Alone together

In the further adventures of writing more often and pushing myself out of where I’m comfortable (which is mostly where I talk about writing and being a writer, but don’t do any in case someone wants to read it and then tells me I’m a terrible writer who should be ashamed of myself for thinking I can do it…) I am rummaging through old writing magazines again for writing prompts.

This prompt comes from a copy of Writing Magazine from last year, September’s issue, in recognition of World Suicide Prevention Day (September 10th) created to draw attention to a campaign led by Network Rail, British Transport Police and the rail industry called ‘Small talk saves lives’ – which recognises that a simple conversation could be enough to interrupt suicidal thoughts. 

This prompt made me think about how much we say without speaking, how loud a silence can be and how much meaning can be read and shared in a small gesture or touch. 

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Alone together.

An island of pent-up, explosive motion sits, deliberately and palpably motionless, in the central seat of a bench at the edge of the platform. Despite the hour, and the people heading in their own busy ways towards work, the tense, dipped head discourages anyone from taking the empty spaces beside her. A space around her almost pulses with the volume of her silence.

Jenny, clenched around herself, letting her dark hair drop, unkept, across her face, is locked around her centre, and something in her mind is screaming such a painful silence that the strangers in the station seem to instinctively give it room, standing at a distance rather than resting their commuting bones beside her hurt where they might catch it. The electric fence of furious tension rings her, herding strangers past as their gaze slips by.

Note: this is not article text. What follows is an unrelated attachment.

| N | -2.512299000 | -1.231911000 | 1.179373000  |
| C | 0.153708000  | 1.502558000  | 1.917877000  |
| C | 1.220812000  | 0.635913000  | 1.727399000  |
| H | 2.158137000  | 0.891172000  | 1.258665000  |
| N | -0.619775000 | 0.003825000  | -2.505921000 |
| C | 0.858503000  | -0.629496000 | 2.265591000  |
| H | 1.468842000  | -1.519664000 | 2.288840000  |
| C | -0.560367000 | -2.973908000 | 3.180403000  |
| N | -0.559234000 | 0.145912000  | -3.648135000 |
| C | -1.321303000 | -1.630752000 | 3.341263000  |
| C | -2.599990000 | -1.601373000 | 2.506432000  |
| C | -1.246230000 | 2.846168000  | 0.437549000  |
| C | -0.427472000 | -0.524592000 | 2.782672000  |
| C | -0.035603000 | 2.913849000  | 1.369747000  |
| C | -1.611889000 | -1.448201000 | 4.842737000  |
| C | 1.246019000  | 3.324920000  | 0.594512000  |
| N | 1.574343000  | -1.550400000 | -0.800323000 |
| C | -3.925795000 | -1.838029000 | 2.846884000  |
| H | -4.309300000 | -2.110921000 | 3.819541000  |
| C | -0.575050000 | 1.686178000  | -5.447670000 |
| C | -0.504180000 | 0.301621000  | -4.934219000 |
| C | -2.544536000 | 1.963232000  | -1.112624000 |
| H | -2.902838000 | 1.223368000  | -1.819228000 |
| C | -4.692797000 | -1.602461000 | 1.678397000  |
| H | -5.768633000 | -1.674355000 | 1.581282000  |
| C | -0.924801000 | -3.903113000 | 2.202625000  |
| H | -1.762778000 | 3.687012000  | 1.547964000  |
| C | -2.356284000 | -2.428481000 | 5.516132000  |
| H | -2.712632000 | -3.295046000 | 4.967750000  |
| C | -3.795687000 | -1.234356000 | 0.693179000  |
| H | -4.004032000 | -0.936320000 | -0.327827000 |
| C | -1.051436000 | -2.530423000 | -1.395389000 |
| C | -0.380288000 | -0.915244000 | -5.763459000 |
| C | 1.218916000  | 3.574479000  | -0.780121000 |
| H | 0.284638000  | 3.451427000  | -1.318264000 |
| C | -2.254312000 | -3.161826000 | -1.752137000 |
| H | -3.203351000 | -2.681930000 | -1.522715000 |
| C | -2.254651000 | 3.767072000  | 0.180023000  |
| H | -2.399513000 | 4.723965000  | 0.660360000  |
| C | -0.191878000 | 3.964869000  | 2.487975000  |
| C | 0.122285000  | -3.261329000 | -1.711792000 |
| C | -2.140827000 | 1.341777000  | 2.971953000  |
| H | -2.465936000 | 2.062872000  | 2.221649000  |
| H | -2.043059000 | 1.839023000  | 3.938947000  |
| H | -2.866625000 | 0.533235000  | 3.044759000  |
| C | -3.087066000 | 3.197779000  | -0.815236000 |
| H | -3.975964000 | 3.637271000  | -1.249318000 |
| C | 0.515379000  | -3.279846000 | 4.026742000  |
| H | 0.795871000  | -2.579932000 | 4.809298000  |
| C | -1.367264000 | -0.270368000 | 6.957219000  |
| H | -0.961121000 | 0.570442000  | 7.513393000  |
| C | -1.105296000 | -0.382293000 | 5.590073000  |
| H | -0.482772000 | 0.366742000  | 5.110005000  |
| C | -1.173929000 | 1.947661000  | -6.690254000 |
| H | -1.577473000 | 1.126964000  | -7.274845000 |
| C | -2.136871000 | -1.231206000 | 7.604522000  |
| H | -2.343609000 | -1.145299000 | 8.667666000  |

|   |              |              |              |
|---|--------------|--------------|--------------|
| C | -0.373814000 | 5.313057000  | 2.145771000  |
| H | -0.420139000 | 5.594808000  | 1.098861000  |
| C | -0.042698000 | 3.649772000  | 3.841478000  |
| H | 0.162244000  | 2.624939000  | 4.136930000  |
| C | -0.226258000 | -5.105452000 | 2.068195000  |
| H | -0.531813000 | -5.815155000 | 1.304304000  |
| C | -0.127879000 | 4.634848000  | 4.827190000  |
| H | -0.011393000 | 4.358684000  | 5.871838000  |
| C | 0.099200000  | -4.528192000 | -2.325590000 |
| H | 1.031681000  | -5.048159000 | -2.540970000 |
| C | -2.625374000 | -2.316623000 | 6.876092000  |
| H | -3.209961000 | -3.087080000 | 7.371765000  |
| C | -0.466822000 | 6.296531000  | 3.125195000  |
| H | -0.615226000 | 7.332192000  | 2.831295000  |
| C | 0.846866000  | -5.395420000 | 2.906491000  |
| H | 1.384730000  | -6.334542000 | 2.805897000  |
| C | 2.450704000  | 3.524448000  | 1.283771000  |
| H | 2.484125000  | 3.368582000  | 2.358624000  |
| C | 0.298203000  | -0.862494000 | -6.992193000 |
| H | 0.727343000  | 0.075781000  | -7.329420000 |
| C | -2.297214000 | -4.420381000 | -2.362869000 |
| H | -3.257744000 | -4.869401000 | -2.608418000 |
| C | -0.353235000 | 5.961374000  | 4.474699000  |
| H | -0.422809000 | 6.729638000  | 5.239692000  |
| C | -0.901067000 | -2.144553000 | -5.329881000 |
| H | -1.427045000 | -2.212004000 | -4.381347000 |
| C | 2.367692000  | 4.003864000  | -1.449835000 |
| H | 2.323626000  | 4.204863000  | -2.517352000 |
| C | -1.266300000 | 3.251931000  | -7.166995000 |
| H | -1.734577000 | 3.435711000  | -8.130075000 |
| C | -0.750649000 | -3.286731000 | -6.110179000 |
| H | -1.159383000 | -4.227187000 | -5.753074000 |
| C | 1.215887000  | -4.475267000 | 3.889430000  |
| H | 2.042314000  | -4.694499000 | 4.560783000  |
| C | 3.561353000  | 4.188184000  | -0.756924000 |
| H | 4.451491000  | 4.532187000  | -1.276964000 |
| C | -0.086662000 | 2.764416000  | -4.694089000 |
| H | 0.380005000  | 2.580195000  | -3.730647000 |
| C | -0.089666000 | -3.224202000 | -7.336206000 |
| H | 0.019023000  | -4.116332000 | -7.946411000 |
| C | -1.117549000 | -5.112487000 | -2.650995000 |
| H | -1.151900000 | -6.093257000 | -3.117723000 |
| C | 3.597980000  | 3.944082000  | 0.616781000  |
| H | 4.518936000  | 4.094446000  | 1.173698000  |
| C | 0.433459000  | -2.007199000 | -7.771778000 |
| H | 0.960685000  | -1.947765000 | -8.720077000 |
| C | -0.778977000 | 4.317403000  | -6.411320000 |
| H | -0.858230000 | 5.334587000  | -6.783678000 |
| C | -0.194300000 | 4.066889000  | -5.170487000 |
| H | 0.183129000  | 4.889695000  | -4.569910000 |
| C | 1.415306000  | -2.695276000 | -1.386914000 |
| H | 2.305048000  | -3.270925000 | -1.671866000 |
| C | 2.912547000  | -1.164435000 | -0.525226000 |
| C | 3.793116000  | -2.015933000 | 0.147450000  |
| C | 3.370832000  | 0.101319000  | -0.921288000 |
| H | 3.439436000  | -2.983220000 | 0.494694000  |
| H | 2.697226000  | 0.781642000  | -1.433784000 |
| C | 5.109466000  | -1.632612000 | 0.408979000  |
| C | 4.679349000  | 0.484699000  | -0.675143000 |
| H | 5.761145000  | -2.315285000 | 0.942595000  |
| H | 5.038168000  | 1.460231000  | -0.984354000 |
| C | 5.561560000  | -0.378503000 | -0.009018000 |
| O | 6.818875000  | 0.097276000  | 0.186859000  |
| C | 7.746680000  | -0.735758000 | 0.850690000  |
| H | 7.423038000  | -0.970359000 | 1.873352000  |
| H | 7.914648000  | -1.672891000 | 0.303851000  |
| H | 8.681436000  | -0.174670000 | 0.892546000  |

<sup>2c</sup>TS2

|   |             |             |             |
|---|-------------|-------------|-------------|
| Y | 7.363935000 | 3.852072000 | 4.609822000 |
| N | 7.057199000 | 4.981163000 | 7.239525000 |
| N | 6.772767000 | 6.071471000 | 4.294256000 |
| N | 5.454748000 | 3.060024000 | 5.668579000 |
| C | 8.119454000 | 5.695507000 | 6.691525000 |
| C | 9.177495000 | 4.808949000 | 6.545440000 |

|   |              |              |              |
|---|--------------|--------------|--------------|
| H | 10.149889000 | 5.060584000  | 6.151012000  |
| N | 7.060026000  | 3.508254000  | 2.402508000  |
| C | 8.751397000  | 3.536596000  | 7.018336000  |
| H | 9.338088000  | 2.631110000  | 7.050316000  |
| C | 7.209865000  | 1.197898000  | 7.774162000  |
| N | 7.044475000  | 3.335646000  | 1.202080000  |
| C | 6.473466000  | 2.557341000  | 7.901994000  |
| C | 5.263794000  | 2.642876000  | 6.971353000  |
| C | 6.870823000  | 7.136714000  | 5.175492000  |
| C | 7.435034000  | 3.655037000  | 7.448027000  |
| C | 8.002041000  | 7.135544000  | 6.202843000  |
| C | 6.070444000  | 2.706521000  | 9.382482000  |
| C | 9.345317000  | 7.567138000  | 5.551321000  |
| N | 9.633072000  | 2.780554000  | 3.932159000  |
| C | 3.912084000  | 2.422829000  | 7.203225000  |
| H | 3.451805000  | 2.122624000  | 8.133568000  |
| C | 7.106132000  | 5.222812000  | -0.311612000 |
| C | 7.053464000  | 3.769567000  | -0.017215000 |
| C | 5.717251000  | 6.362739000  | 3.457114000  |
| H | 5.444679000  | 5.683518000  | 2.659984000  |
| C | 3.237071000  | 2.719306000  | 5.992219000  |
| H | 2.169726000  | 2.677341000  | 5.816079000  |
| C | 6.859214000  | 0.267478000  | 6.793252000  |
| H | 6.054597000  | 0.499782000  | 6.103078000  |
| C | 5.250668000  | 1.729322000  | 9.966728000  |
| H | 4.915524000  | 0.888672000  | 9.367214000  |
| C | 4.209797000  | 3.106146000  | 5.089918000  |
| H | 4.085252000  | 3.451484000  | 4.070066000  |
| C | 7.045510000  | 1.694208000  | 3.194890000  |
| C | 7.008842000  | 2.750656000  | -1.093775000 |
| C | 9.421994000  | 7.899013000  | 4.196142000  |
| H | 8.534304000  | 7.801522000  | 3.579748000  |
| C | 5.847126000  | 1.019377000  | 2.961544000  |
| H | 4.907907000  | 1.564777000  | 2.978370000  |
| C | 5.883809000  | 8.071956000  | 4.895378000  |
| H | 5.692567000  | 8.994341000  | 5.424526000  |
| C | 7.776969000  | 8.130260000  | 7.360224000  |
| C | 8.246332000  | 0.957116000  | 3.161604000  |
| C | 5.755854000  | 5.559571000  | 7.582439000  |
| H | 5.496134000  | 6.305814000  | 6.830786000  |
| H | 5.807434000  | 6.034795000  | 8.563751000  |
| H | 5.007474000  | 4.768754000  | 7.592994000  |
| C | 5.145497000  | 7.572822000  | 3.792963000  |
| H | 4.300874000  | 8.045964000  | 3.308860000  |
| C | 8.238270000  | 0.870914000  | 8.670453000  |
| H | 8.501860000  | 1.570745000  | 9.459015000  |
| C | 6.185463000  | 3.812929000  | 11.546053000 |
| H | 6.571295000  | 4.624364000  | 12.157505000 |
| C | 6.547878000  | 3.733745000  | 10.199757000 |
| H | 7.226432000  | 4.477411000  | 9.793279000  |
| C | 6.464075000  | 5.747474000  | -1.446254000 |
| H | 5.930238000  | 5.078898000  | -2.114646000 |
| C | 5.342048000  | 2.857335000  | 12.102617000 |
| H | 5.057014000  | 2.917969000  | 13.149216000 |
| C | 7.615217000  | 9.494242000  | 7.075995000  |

The metal of the bench is warmed by the beating sun, the waves of heat already absorbed by the baked stones reaching back in waves that blur the edges of the platform under a sky the blue of a postcard, but Jenny’s white-knuckle grip of the seat’s edge is hidden in a clenched fist of cotton as she pulls down sleeves to cover her hands, her feet tucked below in a skirt that brushes the ground. The clothes aren’t heavy, but still she stands out, dressed in her autumnal middle age in the burning heat of youthful summer.

Agnes, heading to work, has been travelling from this platform to the theatre where she dreams of being more exciting than she is, but her place has always been behind the scenes. Daily she can be found shaking the creases out of sweat heavy costumes and stitching repairs into burst seams between shows. Used to being unseen, Agnes, sticky in this heat and clinging to the shade to protect her ginger skin from summer’s cruel observation, takes in the scene.

Theatre is never still – at the edges of the stage Agnes waits and mouths the lines of actors so much bigger, bolder and braver than herself – but she holds no envy for their shining light. She takes great pleasure in her sidelined role, enjoying existing beside them, observing. This observational habit has caught a glimpse of Jenny, and something about the silence of her burns even hotter than the vibrating heatwaves on the trainlines passing through.

She wonders what the girl is mouthing, what unsaid words are holding her so still. It isn’t the stillness of a wait, of passing time in daydreams until the train scoops her into the rest of her day, cocooned in a space filled with other people’s lives.

That is the stillness of a person built from pain, from shame somehow. Agnes recognises it from the mirrors she avoids, and the question never fully forms in her mind, but the tips of her fingers tingle with it. Tiny hairs crawl to attention across the nape of her neck, and there’s something wrong that she can’t quite name…but this violently silent girl is the centre of a storm about to break.